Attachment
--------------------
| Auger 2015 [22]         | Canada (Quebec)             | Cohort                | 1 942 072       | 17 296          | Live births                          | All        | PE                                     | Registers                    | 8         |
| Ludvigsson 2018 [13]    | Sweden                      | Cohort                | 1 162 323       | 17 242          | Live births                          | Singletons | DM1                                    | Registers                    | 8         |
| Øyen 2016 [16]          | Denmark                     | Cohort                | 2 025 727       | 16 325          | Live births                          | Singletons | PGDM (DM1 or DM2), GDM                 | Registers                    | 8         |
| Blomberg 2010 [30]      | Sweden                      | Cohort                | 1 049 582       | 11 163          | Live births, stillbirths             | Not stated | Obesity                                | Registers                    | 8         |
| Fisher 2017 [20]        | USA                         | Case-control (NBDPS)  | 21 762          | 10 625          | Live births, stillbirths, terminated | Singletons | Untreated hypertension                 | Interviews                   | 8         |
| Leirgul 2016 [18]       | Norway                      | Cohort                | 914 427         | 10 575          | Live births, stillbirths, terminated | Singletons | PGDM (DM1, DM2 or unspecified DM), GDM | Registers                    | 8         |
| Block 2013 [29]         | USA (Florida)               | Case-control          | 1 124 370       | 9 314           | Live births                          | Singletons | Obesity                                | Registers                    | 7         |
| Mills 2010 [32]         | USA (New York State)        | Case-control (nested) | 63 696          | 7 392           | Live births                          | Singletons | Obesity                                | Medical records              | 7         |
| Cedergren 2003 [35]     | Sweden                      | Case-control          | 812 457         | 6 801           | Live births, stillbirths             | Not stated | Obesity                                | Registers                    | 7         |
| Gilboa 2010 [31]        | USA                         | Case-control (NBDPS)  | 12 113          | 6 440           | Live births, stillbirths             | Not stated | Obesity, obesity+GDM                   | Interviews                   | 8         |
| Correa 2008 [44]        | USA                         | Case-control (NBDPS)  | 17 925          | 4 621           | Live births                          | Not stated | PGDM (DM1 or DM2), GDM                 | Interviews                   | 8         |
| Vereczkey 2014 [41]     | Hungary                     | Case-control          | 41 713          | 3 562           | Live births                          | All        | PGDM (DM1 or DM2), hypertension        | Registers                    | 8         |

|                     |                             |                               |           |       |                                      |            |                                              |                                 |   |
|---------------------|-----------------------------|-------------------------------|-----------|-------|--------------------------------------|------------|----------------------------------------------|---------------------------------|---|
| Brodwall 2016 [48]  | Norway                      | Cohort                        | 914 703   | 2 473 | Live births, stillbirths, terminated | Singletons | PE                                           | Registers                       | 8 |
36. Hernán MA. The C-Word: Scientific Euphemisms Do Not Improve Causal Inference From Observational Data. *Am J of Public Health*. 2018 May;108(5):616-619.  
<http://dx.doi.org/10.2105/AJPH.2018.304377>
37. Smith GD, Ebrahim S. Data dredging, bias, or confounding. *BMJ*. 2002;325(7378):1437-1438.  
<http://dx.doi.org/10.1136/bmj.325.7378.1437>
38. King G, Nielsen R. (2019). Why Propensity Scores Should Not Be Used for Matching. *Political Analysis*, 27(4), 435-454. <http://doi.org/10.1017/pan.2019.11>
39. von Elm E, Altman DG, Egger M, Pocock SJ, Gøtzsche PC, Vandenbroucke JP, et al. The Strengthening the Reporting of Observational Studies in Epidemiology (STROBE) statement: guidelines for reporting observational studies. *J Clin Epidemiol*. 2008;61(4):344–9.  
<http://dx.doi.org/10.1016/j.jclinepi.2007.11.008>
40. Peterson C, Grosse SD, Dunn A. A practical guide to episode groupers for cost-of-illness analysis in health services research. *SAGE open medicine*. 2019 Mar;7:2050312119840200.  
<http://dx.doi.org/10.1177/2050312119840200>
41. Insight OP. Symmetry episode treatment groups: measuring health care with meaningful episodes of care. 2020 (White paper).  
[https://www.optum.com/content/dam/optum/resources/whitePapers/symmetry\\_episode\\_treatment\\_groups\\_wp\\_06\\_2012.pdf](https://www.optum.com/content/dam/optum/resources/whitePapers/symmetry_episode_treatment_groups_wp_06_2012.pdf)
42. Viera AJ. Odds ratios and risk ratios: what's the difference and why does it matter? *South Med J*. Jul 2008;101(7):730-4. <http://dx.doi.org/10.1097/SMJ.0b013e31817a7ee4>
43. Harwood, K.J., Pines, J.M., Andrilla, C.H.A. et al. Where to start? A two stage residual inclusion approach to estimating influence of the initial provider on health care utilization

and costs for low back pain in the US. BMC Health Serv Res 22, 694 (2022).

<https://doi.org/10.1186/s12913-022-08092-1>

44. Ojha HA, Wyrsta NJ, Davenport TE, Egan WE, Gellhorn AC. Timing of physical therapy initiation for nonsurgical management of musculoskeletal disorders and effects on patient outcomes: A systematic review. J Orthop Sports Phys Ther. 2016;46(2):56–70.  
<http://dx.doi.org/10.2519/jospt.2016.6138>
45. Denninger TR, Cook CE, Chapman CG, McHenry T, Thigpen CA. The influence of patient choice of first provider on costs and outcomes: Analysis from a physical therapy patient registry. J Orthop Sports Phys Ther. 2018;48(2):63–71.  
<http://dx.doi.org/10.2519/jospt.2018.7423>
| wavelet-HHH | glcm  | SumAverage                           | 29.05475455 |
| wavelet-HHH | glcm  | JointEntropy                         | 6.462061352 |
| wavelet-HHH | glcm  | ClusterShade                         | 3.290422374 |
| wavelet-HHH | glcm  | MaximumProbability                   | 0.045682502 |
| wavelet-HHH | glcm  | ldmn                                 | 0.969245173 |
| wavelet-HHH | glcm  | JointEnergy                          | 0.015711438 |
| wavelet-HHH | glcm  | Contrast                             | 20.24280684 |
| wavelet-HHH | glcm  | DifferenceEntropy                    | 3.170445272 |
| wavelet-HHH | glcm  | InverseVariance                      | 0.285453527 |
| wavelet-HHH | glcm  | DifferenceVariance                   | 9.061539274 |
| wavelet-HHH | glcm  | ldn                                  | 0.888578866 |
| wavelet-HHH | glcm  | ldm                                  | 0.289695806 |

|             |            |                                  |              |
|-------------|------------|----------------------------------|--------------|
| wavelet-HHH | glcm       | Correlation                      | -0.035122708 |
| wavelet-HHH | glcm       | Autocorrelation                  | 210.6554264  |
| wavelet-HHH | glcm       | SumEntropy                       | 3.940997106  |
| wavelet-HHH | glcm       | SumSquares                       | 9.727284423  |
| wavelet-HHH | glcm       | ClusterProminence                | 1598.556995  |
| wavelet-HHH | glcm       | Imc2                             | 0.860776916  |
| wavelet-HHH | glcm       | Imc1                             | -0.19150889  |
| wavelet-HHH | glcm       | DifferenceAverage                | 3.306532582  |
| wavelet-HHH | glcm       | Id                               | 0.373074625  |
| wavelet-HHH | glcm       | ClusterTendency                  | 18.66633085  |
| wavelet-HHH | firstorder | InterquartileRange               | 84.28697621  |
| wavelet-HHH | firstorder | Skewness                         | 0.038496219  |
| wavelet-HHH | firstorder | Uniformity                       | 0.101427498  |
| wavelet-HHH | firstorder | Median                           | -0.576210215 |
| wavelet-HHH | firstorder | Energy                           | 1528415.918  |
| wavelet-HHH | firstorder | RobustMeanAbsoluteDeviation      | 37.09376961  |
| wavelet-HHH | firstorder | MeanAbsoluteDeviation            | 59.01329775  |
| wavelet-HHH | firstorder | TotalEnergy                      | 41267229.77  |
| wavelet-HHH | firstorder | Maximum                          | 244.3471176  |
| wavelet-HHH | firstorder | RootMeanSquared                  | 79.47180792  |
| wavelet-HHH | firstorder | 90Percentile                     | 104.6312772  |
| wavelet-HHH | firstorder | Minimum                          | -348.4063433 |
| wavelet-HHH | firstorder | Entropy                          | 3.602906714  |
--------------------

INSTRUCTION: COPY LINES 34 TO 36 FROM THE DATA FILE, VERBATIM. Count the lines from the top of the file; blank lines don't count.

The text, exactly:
<http://dx.doi.org/10.2519/jospt.2018.7423>
| wavelet-HHH | glcm  | SumAverage                           | 29.05475455 |
| wavelet-HHH | glcm  | JointEntropy                         | 6.462061352 |